In light of the devastating impact the recent Trinidad and Tobago High Court ruling could have on the country’s national program, it’s hard to not agree with Prime Minister Keith Rowley's assessment of the victory being a pyrrhic one.

The term itself comes from the example of Pyrrhus of Epirus, whose triumph against the Romans in the Battle of Asculum destroyed much of his forces, but while it was a famous tactical win, it eventually forced the end of his campaign.  If that metaphorical allusion is too complex, one could consider a tree with 211 branches; William Wallace and his executive have climbed to the edge of one of the highest ones, cut it off and celebrated while falling to the floor.

The ruling was declared as a victory of significant proportions for global football, but it really strains credulity to see how.  Last month, the majority of the TTFA members had voted to withdraw the case.  Rowley’s post might not signal the official position of the government, FIFA’s usual opposition in such matters, but it clearly seems that they do not support the action either.  Neither, does it seem, did a vast majority of fans of the sport across the country.  Perhaps the victory, framed as many things these often are these days, in disingenuous displays of fervent nationality, was only for a few disgruntled executives and their egos.

Believe it or not, the rest of global football has continued on as usual, in many cases oblivious to the ruling of the court or even suspension of the TTFA.  Qualifiers have continue as planned, and those of us who compete in the region will have the Gold Cup and World Cup qualifiers to look forward to in short order. 

There is a simple reason for the overall lack of interest.  While the case has been framed by many of those involved as a once in a lifetime battle of David vs Goliath, the real fact of the matter is surprise, surprise Trinidad and Tobago is not the only country to take FIFA to court, or even to secure a positive court ruling.  Perhaps many sold themselves the same stories at the start of the chapter, but the tale has always ended in much the same manner in a variety of disputes with FIFA.  If there was a case that was going to turn out differently, forgive the incredulity for not believing it would be an association that has racked up debts of almost $US10m and dogged by years of scandals and mismanagement, that breaks that trend.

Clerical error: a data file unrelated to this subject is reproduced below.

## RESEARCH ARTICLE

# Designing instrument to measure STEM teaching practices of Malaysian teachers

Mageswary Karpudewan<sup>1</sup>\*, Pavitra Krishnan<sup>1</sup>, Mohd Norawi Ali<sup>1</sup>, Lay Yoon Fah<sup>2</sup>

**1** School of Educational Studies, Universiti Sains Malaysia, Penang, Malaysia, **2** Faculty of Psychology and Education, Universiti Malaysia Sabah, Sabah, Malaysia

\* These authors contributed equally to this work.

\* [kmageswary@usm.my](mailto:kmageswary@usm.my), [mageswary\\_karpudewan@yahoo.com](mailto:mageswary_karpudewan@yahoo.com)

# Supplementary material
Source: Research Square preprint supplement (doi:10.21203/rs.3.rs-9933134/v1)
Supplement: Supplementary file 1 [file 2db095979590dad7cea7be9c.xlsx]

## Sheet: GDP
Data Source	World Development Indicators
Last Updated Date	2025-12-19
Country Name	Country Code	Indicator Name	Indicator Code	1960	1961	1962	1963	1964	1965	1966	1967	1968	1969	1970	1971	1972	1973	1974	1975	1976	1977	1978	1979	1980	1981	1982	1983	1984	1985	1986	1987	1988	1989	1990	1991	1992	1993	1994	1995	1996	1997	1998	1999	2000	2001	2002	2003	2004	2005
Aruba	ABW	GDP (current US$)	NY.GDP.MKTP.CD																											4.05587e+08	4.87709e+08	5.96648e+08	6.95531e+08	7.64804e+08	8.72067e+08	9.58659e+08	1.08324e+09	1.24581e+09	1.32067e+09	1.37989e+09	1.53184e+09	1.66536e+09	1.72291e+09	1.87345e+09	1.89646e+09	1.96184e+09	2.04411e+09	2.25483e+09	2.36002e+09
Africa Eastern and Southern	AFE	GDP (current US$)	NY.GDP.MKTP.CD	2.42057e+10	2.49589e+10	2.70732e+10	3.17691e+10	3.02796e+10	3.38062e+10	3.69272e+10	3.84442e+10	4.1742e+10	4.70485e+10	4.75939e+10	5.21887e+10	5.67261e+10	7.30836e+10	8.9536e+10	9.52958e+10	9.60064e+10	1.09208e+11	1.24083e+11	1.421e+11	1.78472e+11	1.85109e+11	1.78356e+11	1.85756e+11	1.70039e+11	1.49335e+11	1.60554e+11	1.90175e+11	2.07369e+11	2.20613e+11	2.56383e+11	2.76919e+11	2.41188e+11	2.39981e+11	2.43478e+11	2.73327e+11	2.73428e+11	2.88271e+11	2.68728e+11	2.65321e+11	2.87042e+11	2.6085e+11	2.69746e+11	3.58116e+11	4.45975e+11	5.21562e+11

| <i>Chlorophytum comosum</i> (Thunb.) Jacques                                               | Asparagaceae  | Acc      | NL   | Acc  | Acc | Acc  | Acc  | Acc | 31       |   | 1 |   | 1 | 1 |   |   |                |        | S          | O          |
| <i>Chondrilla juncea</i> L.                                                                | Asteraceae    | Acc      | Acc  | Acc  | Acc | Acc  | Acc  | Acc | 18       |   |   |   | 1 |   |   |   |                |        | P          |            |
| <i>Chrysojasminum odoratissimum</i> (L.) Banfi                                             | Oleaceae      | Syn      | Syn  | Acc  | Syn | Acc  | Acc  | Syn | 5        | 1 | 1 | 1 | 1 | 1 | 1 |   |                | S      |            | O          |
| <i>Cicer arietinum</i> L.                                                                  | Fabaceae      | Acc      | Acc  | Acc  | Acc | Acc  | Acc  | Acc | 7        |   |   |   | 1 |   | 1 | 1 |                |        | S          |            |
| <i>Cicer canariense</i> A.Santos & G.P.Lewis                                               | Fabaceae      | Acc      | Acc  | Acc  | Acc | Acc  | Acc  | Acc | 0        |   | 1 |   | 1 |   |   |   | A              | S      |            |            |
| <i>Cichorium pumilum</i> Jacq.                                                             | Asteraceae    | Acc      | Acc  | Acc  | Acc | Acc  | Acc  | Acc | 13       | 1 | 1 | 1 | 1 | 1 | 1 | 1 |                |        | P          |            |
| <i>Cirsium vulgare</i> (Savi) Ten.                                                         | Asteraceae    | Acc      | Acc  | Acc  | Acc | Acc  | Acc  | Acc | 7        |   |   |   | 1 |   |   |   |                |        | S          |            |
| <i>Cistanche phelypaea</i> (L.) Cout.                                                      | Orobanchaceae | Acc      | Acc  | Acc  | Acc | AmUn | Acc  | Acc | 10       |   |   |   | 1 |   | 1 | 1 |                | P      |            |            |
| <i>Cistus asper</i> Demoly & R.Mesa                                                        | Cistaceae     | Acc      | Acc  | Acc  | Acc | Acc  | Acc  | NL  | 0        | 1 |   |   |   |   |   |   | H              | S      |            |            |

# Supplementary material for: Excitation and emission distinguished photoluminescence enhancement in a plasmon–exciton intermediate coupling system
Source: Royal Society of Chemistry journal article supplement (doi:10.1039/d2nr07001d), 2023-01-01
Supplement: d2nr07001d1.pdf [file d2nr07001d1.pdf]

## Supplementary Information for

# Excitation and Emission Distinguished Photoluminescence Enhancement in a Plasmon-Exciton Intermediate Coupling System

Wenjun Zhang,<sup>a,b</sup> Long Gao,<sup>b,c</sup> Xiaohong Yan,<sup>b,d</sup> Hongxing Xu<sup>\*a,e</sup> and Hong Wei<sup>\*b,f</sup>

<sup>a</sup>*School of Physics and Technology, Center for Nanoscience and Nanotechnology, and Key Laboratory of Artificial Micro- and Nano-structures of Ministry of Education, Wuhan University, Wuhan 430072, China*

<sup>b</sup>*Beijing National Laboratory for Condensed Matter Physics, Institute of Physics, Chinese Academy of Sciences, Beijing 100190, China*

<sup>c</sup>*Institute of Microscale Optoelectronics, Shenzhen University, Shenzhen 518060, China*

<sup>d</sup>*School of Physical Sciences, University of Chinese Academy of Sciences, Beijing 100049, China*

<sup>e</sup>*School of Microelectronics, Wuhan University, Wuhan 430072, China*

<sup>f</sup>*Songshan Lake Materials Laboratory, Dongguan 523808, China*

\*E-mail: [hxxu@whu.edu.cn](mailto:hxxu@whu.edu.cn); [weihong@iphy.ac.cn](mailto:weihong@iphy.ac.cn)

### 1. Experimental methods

Now don’t get me wrong, FIFA as an institution has gotten a lot wrong, on more than one occasion it has proven to be riddled with corruption and can often come off high handed and dictatorial.  However, for many FIFA members, all sovereign states, the deal is a Faustian bargain.  Like it or not, a lot of the organisation’s massive success has to do with its ability to set aside and solve petty grievances and rivalries that often consume international politics and ensure that, for the most part, whatever the stakes there is a game played on the pitch.  A part of that success then means that for many associations FIFA is able to successfully fund a huge part of the development of the game locally.

For many in the twin-island republic, it is the latter that would cause significant trepidation regarding the ruling.  In the case of the already cash strapped United TTFA, it surely comes down to things like funding needed to secure the livelihood of thousands of workers that serve the sport across the island.  It could mean blighting potentially bright youth prospects, who will not only lack competitions to showcase their talent, but funding to help develop it.  Depending on how long this impasse lasts an inactive national team could not only miss the upcoming World Cup qualifier, but fall behind in preparations for 2026, which will be held in the CONCACAF region and surely be a massive blow for fans if T&T cannot secure one of four extra places.  All in all, steep prices most are not willing to pay for a declaration of sovereignty.